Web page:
The final episode of Abstract: Art of Design is about Ilse Crawford – Interior Designer from London.
Ilse is a designer, author and a teacher. Professionally, she’s perhaps best known for her work with IKEA.
Here are the three takeaways from the episode.
It all starts with a vision.
Like so many other artists covered in this series before her, all her work starts with vision too. Ilse knows what she wants the visitors to her place to feel like. She knows the emotion she wants to elicit. She knows the conceptual and physical materials she has to work with and she knows how to use them.
With conceptual materials, she’s thinking about the feel of the space. For example, she knows what the emotional impact is of having a wider dining table as opposed to a narrower dining table. Wider dining table creates spaces between the diners and is not as intimate and close as the narrower one. She knows that a dining table with rectangular, sharp edges does not invite or leave space for more people to join the table than the specified. Whereas, a rounded dining table is more inviting to others.
With physical materials, Ilse knows what emotional impact leather has, as opposed to, say wood.
This all links in with our photography. We have conceptual and physical materials at our disposal. We have conceptual materials like moment, contrast, juxtaposition to play with. We also have physical elements like lines or shapes or light to play with.
Halfway through the episode, Ilse talked about imperfections in the work – so that the user knows that each item is unique and different. Else and her team decided that all the ceramic jars they were producing for IKEA would be dip dyed. The result of this was that the finish on each jar was unique and different to one next to it.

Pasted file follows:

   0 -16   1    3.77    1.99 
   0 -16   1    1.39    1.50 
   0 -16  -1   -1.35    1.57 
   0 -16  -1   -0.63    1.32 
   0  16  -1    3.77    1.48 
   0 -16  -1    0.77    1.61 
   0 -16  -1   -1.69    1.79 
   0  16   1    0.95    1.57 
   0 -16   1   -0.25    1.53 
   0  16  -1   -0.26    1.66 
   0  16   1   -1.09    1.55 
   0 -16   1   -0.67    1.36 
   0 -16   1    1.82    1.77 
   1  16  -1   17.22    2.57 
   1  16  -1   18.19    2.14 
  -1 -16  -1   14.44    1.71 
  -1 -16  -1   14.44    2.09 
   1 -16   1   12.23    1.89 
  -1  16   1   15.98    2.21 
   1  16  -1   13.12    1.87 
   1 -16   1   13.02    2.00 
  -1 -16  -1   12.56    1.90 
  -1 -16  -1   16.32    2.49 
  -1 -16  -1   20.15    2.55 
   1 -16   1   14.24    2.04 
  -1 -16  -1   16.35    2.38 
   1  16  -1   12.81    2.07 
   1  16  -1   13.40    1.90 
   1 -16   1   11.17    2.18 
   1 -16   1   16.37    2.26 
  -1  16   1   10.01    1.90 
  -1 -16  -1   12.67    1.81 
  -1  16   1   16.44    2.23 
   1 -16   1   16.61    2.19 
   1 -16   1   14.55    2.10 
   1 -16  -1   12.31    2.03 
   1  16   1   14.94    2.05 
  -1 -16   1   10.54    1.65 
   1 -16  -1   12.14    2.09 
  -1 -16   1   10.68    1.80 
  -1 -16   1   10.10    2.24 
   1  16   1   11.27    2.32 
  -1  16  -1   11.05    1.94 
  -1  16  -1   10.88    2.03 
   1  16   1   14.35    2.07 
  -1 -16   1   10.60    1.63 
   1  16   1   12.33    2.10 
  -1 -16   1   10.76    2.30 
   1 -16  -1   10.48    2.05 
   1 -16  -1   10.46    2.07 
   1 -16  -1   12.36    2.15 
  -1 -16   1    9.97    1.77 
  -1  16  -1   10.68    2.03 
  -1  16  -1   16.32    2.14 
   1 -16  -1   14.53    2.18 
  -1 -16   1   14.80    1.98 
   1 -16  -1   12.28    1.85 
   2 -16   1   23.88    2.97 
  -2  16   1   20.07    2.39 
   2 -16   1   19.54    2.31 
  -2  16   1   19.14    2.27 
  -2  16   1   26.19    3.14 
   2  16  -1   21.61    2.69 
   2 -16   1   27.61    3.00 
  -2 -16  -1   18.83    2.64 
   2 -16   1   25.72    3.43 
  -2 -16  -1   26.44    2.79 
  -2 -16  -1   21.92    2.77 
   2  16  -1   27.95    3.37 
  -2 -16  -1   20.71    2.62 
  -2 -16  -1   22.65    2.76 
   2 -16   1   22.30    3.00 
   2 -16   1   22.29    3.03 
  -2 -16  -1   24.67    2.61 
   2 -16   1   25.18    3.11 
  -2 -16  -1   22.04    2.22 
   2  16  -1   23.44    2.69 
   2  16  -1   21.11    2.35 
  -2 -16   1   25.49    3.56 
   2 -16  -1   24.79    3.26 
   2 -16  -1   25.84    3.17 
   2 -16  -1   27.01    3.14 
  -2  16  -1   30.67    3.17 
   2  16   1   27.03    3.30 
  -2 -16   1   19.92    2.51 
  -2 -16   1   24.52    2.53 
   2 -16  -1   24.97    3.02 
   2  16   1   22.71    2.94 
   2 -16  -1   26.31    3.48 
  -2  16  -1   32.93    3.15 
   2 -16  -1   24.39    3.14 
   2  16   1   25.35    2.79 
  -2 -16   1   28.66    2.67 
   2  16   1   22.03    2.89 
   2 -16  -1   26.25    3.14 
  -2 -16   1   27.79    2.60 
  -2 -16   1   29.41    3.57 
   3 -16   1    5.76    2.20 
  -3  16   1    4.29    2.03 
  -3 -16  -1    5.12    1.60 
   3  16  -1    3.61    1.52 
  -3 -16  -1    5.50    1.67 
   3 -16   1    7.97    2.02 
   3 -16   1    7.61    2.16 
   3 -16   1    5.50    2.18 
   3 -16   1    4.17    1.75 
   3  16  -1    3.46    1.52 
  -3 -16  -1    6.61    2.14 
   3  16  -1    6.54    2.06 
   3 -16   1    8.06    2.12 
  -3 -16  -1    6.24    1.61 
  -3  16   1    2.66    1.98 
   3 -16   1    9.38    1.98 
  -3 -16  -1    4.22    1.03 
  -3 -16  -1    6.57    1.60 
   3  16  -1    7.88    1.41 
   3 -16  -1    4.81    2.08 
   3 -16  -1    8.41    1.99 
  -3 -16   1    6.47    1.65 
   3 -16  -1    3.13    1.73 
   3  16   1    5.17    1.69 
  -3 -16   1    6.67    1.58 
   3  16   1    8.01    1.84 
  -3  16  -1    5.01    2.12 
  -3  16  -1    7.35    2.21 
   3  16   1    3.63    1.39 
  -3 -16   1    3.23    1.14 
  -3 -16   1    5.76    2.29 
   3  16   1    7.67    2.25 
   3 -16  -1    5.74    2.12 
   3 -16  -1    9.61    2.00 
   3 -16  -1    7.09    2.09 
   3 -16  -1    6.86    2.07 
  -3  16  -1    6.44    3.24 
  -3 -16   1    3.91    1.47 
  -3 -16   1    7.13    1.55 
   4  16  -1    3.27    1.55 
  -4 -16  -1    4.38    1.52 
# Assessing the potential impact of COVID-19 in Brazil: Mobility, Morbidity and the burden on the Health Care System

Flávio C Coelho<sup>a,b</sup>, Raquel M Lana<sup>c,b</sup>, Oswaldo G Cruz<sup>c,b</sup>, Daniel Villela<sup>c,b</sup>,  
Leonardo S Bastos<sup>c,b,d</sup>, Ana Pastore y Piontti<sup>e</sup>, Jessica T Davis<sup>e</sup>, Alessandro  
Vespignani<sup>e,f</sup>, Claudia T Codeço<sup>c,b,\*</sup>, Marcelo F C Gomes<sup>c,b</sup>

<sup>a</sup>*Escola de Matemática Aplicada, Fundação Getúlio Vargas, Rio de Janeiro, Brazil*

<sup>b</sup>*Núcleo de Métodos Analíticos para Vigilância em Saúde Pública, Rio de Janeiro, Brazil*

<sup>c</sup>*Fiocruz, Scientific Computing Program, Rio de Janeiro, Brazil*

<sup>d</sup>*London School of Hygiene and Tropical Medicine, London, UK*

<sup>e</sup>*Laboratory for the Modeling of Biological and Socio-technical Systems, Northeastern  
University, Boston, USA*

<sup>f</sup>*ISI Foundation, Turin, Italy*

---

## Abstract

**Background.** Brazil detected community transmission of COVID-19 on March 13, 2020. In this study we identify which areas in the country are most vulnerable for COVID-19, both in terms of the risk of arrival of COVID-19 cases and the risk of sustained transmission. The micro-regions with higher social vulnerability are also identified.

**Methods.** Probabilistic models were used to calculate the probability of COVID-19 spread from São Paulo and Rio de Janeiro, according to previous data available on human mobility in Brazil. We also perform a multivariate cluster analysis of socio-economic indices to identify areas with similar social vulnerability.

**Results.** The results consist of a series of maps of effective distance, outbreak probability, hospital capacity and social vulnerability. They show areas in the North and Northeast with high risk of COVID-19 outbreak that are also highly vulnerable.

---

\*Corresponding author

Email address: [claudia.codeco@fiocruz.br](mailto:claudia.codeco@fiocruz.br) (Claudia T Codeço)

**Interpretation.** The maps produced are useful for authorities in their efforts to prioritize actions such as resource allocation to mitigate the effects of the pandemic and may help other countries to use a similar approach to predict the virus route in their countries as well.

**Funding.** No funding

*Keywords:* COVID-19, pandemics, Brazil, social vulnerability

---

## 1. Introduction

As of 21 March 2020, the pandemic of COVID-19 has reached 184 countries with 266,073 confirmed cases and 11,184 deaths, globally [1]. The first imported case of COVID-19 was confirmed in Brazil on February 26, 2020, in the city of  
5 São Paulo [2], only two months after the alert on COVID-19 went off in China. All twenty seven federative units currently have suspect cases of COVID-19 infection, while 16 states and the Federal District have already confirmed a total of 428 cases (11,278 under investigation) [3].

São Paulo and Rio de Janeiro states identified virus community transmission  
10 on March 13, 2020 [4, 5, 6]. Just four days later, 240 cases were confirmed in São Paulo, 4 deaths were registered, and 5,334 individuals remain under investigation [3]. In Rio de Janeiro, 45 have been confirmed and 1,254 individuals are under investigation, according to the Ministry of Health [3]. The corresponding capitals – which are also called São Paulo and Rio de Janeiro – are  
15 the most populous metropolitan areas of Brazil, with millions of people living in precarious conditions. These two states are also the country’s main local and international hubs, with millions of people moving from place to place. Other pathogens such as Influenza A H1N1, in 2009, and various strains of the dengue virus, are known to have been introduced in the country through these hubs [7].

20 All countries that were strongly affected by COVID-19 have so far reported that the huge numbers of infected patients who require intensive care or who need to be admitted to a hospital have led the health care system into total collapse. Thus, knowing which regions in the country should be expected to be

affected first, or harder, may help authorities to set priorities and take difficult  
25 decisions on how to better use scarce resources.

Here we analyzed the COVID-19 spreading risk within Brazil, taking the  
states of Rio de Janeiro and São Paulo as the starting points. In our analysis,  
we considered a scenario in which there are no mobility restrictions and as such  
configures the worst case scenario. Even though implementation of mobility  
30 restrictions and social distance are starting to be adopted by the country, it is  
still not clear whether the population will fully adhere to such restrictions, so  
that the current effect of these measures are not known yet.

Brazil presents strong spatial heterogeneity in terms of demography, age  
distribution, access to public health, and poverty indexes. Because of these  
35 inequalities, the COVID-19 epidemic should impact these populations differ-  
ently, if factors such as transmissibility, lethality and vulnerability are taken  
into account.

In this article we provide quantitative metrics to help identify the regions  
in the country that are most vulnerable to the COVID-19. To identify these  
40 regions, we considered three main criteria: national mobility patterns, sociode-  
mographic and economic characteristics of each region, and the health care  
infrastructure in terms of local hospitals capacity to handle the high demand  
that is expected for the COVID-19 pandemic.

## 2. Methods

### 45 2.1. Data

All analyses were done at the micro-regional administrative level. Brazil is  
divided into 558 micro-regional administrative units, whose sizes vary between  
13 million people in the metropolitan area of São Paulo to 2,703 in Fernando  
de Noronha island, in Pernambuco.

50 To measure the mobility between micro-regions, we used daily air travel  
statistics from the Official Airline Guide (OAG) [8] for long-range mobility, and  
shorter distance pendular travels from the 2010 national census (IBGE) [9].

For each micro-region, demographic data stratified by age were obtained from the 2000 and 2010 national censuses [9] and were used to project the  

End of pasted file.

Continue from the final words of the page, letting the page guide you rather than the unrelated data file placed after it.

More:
We fall into a trap of perfection in our photography. We want the perfectly exposed histogram with the perfect composition in our images. In photography, we often play it too safe. All the compositions are “perfect”, our choice of exposure is bland. We photograph what’s been photographed millions of times before. We are too scared to photograph in any other way. We are scared to let imperfections be seen in our images.
I say screw that.
Let us move away from sterile, “perfect” photography. Let us make photographs that don’t just push the boundaries but annihilates them. Let us make photographs that break every so-called rule in the book.
Let us be brave with our compositions. Let us be imperfect. To be imperfect is to be human.
I’ve written about constraints before. I know that, ironically enough, having constraints that greatly enhance our creativity and expression. But I’ve never quite understood why. And perhaps the closest I’ve come to a realisation on this is when Ilse mentioned that there is something primal about it – to have restriction and constraints in our way of design – and then somehow or the other, overcoming those restrictions to come up with something beautiful.
I think this definition and reason for having a self-imposed constraint is as good as any that I’ve read previously.
This post is part of a series. You can read about the other episodes by clicking the links below.